A maverick of Flemish literature, Roger Van de Velde has had a lasting impact on the current generation of Flemish authors. His life story could at the very least be called extraordinary. He was addicted to the painkiller Palfium, and after forging prescriptions he repeatedly found himself in prisons and psychiatric institutions.
In the twenty powerful short stories in ‘Crackling Skulls’, he portrays his ‘companions in misery’ in those institutions, people living on the fringes of society. He combines his own intense compassion for his fellow internees with detached and razor-sharp observations. Through his haunting descriptions, we get to know Daniël, who smokes one cigarette after another for three days because Prometheus has instructed him to do so, Jules Leroy, who kills his beloved cat after it eats his roast beef, and Marquis de la Motte, who writes out IOUs for billions of francs. He describes their madness with respect and love, and persistently goes in search of the final remnants of humanity within them.
Penetrating and splendid, full of brilliant, somewhat harrowing imagesNRC Handelsblad
Empathy, combined with a powerful talent for observation, an eye for detail and literary flair, produces compelling portraits of lost souls. With an undertone of sometimes wry humour, Van de Velde incisively describes the dramas great and small that he witnesses. At the same time he touches upon the abuses perpetrated in the institutions, where the doctors do not actually treat anyone. His humanity, his command of style, his clarity of mind and his ability to resist sentimentality still effortlessly hold readers in their grip more than fifty years after his stories were first published.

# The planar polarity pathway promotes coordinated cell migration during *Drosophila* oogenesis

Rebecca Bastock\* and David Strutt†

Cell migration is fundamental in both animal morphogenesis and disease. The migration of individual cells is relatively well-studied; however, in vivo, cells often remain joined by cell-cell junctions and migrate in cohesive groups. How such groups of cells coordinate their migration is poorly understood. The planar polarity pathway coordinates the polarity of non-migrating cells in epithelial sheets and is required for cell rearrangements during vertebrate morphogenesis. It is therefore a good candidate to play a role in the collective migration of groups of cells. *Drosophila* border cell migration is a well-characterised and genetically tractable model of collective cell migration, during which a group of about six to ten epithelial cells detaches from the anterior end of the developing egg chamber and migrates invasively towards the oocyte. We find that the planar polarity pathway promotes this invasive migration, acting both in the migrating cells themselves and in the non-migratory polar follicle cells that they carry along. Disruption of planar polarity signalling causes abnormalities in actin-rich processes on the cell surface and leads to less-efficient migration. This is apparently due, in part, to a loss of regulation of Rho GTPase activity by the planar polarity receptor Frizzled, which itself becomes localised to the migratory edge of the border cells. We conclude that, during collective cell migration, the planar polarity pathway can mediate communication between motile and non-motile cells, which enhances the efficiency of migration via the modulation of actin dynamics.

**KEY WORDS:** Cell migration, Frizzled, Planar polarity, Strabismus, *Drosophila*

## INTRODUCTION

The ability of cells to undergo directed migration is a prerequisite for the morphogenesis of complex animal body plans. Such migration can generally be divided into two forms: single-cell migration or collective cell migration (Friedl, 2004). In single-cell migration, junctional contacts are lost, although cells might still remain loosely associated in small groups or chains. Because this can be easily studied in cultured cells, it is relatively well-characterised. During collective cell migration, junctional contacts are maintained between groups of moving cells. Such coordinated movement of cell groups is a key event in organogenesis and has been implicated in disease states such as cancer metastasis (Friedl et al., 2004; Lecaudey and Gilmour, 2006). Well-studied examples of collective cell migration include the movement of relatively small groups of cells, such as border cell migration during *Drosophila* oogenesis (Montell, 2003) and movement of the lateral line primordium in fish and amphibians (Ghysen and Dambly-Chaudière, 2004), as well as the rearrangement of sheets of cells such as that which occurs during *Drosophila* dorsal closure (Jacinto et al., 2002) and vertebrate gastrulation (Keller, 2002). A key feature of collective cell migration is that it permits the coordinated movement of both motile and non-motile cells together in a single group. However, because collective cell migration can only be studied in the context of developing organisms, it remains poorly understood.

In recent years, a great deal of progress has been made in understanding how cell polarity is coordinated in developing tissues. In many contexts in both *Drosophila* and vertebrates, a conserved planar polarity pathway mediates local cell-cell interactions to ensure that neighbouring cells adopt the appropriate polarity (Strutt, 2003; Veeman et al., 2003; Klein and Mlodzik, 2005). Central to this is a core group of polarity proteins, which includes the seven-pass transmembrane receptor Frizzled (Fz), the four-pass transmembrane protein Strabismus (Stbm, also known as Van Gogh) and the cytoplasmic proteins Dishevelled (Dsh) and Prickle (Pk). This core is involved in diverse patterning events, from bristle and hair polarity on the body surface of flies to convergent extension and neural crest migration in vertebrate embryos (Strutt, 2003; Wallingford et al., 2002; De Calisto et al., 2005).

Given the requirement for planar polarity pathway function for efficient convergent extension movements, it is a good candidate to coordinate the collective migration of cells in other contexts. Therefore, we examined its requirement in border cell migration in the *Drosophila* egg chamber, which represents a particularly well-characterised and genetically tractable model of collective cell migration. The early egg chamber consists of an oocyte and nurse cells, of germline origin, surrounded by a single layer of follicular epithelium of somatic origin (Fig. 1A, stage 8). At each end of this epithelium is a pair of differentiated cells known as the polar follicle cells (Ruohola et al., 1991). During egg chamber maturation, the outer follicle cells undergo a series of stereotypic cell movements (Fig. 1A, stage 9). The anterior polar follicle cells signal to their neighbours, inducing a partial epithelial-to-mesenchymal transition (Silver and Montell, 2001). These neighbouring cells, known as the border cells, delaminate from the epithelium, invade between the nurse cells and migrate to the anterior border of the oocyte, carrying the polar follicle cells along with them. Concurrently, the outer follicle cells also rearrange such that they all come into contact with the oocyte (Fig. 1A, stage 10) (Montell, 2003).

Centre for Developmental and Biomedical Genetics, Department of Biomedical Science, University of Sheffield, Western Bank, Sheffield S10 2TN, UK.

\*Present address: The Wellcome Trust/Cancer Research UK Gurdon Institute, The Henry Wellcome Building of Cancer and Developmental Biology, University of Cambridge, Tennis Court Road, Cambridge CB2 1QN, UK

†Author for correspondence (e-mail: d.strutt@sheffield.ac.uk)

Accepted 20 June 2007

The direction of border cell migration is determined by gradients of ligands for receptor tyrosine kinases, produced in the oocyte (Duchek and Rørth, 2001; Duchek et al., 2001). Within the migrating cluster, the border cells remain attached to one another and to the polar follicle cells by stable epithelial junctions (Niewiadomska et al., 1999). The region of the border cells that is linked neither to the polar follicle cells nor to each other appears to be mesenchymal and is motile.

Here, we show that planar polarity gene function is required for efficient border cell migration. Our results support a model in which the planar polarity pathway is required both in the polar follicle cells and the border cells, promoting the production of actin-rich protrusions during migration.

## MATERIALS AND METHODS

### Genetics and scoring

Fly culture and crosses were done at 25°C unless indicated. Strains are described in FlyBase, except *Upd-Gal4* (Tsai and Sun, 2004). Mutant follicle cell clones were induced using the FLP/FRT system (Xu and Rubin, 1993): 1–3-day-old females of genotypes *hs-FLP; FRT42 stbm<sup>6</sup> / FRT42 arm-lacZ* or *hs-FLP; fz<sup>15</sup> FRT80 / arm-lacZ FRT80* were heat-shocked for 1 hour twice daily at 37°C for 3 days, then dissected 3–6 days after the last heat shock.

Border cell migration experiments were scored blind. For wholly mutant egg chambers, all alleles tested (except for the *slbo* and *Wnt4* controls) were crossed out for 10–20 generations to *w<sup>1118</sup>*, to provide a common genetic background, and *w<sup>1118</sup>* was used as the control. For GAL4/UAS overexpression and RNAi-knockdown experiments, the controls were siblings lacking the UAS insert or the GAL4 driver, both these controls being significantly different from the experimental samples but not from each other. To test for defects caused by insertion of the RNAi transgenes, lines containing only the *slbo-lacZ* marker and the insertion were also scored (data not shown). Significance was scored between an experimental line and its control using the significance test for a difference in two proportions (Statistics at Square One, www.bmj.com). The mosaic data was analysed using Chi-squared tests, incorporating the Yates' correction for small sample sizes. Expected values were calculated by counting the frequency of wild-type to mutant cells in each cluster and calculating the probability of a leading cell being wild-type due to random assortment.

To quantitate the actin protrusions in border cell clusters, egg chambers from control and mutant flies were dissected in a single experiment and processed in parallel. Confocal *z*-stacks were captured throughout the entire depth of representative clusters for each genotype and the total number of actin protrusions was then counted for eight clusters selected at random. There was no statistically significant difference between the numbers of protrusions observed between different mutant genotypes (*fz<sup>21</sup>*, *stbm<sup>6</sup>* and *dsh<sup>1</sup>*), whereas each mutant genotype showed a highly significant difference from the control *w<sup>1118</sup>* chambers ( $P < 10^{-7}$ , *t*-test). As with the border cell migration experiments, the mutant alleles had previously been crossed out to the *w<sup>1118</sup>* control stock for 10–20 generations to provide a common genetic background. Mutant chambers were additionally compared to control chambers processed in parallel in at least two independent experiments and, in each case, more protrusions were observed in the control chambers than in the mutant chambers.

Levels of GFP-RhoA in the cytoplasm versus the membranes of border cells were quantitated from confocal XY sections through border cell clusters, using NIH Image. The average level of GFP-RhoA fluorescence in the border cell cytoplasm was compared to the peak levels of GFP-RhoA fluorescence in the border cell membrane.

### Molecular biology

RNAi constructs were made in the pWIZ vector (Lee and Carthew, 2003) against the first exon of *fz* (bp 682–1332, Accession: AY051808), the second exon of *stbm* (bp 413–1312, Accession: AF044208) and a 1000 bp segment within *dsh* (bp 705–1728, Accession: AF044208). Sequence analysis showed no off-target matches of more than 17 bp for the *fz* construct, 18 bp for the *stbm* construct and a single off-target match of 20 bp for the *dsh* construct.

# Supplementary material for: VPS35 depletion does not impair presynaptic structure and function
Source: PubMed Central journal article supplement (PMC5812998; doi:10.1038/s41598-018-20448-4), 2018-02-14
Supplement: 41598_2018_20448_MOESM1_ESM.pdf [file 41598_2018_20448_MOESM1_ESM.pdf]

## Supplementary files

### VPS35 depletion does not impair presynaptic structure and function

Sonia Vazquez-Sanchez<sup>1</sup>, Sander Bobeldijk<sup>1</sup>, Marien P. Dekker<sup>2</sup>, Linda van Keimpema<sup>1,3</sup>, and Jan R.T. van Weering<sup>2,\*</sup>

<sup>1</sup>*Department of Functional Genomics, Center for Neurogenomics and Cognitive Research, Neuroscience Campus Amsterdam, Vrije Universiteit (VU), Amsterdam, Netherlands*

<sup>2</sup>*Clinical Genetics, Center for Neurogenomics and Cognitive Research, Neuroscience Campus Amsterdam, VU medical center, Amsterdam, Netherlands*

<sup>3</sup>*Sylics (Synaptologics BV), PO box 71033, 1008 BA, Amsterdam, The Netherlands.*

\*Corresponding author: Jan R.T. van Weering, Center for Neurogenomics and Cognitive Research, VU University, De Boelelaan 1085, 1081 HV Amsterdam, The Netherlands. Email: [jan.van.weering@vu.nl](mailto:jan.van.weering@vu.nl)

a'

Top-flight prose written in a smooth, sober styleCutting Edge
The king of the short storyDimitri Verhulst
Translators always hope that a project will either engage us and our readers, contribute something meaningful to literature, or shed light on a neglected author or bygone situation. Rarely does a book do all of these. But 'Crackling Skulls' was all this, and more. It is not just engaging, it is riveting; not just meaningful, but monumental; more than revealing, it is jaw-dropping. For me, translating these 'frescos from an asylum' - tragicomic portraits of inmates in a psychiatric prison - was a truly emotional experience. I was by turns appalled by the callousness of the Belgian correctional system of the 1960s, fascinated by the workings of a short-circuited mind, and more than once moved to tears by the simple helplessness of men on the fringes of sanity.
My heart went out to the deaf-mute Séraphin, who pined for a faded magazine pin-up girl; Livinus, whose only wish was to have one last schnapps on his deathbed; and most of all Honoré, who tried his best to please the doctor by playing the trumpet. Tackling these twenty stories, told in a wry, insightful, at times baroque, and always compassionate narrative, was a high point of my years as a literary translator.